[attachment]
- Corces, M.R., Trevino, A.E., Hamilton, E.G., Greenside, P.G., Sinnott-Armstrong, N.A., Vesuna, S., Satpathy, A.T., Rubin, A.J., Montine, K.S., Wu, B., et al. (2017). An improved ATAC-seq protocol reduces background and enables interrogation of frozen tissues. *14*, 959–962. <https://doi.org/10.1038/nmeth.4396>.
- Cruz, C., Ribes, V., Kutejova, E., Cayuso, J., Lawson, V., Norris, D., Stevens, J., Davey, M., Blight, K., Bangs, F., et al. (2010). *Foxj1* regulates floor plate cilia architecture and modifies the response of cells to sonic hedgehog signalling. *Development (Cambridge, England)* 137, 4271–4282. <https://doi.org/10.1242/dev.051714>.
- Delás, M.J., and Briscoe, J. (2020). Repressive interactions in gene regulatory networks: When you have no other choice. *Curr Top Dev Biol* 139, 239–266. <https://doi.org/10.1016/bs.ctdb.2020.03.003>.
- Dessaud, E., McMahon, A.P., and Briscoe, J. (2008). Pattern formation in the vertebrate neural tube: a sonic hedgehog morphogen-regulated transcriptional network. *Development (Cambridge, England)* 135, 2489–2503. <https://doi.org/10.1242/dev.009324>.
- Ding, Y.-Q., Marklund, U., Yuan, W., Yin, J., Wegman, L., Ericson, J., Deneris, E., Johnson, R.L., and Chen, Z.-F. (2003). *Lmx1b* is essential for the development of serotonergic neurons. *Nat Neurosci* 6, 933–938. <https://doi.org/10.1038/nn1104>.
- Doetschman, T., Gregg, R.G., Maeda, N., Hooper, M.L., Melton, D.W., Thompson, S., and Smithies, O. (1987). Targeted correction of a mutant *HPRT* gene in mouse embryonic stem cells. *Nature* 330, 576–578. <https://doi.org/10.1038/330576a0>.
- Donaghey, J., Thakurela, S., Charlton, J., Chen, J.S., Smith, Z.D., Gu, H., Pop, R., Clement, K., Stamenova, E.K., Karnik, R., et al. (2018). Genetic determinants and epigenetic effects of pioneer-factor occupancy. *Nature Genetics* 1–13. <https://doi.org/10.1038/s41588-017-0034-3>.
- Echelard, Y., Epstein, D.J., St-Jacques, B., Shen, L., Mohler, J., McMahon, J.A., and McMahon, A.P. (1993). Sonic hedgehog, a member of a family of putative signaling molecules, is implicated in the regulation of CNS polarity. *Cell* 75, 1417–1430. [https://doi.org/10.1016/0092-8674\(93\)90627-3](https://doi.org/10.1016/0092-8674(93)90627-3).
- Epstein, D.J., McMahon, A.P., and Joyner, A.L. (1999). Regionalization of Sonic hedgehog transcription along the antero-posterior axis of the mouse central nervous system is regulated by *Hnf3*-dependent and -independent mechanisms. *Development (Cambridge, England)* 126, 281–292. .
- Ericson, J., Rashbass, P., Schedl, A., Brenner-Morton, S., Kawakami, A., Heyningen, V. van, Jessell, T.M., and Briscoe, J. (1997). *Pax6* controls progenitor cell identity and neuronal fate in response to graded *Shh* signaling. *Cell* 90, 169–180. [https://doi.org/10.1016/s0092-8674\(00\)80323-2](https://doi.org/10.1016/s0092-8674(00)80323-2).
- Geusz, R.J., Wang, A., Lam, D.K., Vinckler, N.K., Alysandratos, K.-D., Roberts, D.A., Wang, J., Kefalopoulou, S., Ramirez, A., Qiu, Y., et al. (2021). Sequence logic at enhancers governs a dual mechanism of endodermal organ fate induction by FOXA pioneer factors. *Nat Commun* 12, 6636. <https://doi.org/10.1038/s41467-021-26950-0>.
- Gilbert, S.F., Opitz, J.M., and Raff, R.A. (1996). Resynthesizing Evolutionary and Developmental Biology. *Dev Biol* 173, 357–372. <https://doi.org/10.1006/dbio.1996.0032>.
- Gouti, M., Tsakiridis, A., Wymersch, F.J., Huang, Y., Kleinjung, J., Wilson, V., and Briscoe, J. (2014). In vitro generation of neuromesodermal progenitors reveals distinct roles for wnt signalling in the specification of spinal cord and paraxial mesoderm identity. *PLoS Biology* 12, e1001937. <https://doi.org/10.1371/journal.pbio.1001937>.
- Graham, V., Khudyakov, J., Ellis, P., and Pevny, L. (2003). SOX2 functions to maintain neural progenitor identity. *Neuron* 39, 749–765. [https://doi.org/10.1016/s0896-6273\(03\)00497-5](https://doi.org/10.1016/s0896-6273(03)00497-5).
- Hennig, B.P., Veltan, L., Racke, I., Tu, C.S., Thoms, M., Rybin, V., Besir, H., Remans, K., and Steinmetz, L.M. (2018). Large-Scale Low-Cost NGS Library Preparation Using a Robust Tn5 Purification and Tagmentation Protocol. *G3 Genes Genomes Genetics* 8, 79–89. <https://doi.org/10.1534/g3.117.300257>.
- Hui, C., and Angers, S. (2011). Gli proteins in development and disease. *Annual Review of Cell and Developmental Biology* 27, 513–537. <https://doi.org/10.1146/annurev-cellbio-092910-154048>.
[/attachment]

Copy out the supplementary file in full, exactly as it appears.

- Corces, M.R., Trevino, A.E., Hamilton, E.G., Greenside, P.G., Sinnott-Armstrong, N.A., Vesuna, S., Satpathy, A.T., Rubin, A.J., Montine, K.S., Wu, B., et al. (2017). An improved ATAC-seq protocol reduces background and enables interrogation of frozen tissues. *14*, 959–962. <https://doi.org/10.1038/nmeth.4396>.
- Cruz, C., Ribes, V., Kutejova, E., Cayuso, J., Lawson, V., Norris, D., Stevens, J., Davey, M., Blight, K., Bangs, F., et al. (2010). *Foxj1* regulates floor plate cilia architecture and modifies the response of cells to sonic hedgehog signalling. *Development (Cambridge, England)* 137, 4271–4282. <https://doi.org/10.1242/dev.051714>.
- Delás, M.J., and Briscoe, J. (2020). Repressive interactions in gene regulatory networks: When you have no other choice. *Curr Top Dev Biol* 139, 239–266. <https://doi.org/10.1016/bs.ctdb.2020.03.003>.
- Dessaud, E., McMahon, A.P., and Briscoe, J. (2008). Pattern formation in the vertebrate neural tube: a sonic hedgehog morphogen-regulated transcriptional network. *Development (Cambridge, England)* 135, 2489–2503. <https://doi.org/10.1242/dev.009324>.
- Ding, Y.-Q., Marklund, U., Yuan, W., Yin, J., Wegman, L., Ericson, J., Deneris, E., Johnson, R.L., and Chen, Z.-F. (2003). *Lmx1b* is essential for the development of serotonergic neurons. *Nat Neurosci* 6, 933–938. <https://doi.org/10.1038/nn1104>.
- Doetschman, T., Gregg, R.G., Maeda, N., Hooper, M.L., Melton, D.W., Thompson, S., and Smithies, O. (1987). Targeted correction of a mutant *HPRT* gene in mouse embryonic stem cells. *Nature* 330, 576–578. <https://doi.org/10.1038/330576a0>.
- Donaghey, J., Thakurela, S., Charlton, J., Chen, J.S., Smith, Z.D., Gu, H., Pop, R., Clement, K., Stamenova, E.K., Karnik, R., et al. (2018). Genetic determinants and epigenetic effects of pioneer-factor occupancy. *Nature Genetics* 1–13. <https://doi.org/10.1038/s41588-017-0034-3>.
- Echelard, Y., Epstein, D.J., St-Jacques, B., Shen, L., Mohler, J., McMahon, J.A., and McMahon, A.P. (1993). Sonic hedgehog, a member of a family of putative signaling molecules, is implicated in the regulation of CNS polarity. *Cell* 75, 1417–1430. [https://doi.org/10.1016/0092-8674\(93\)90627-3](https://doi.org/10.1016/0092-8674(93)90627-3).
- Epstein, D.J., McMahon, A.P., and Joyner, A.L. (1999). Regionalization of Sonic hedgehog transcription along the antero-posterior axis of the mouse central nervous system is regulated by *Hnf3*-dependent and -independent mechanisms. *Development (Cambridge, England)* 126, 281–292. .
- Ericson, J., Rashbass, P., Schedl, A., Brenner-Morton, S., Kawakami, A., Heyningen, V. van, Jessell, T.M., and Briscoe, J. (1997). *Pax6* controls progenitor cell identity and neuronal fate in response to graded *Shh* signaling. *Cell* 90, 169–180. [https://doi.org/10.1016/s0092-8674\(00\)80323-2](https://doi.org/10.1016/s0092-8674(00)80323-2).
- Geusz, R.J., Wang, A., Lam, D.K., Vinckler, N.K., Alysandratos, K.-D., Roberts, D.A., Wang, J., Kefalopoulou, S., Ramirez, A., Qiu, Y., et al. (2021). Sequence logic at enhancers governs a dual mechanism of endodermal organ fate induction by FOXA pioneer factors. *Nat Commun* 12, 6636. <https://doi.org/10.1038/s41467-021-26950-0>.
- Gilbert, S.F., Opitz, J.M., and Raff, R.A. (1996). Resynthesizing Evolutionary and Developmental Biology. *Dev Biol* 173, 357–372. <https://doi.org/10.1006/dbio.1996.0032>.
- Gouti, M., Tsakiridis, A., Wymersch, F.J., Huang, Y., Kleinjung, J., Wilson, V., and Briscoe, J. (2014). In vitro generation of neuromesodermal progenitors reveals distinct roles for wnt signalling in the specification of spinal cord and paraxial mesoderm identity. *PLoS Biology* 12, e1001937. <https://doi.org/10.1371/journal.pbio.1001937>.
- Graham, V., Khudyakov, J., Ellis, P., and Pevny, L. (2003). SOX2 functions to maintain neural progenitor identity. *Neuron* 39, 749–765. [https://doi.org/10.1016/s0896-6273\(03\)00497-5](https://doi.org/10.1016/s0896-6273(03)00497-5).
- Hennig, B.P., Veltan, L., Racke, I., Tu, C.S., Thoms, M., Rybin, V., Besir, H., Remans, K., and Steinmetz, L.M. (2018). Large-Scale Low-Cost NGS Library Preparation Using a Robust Tn5 Purification and Tagmentation Protocol. *G3 Genes Genomes Genetics* 8, 79–89. <https://doi.org/10.1534/g3.117.300257>.
- Hui, C., and Angers, S. (2011). Gli proteins in development and disease. *Annual Review of Cell and Developmental Biology* 27, 513–537. <https://doi.org/10.1146/annurev-cellbio-092910-154048>.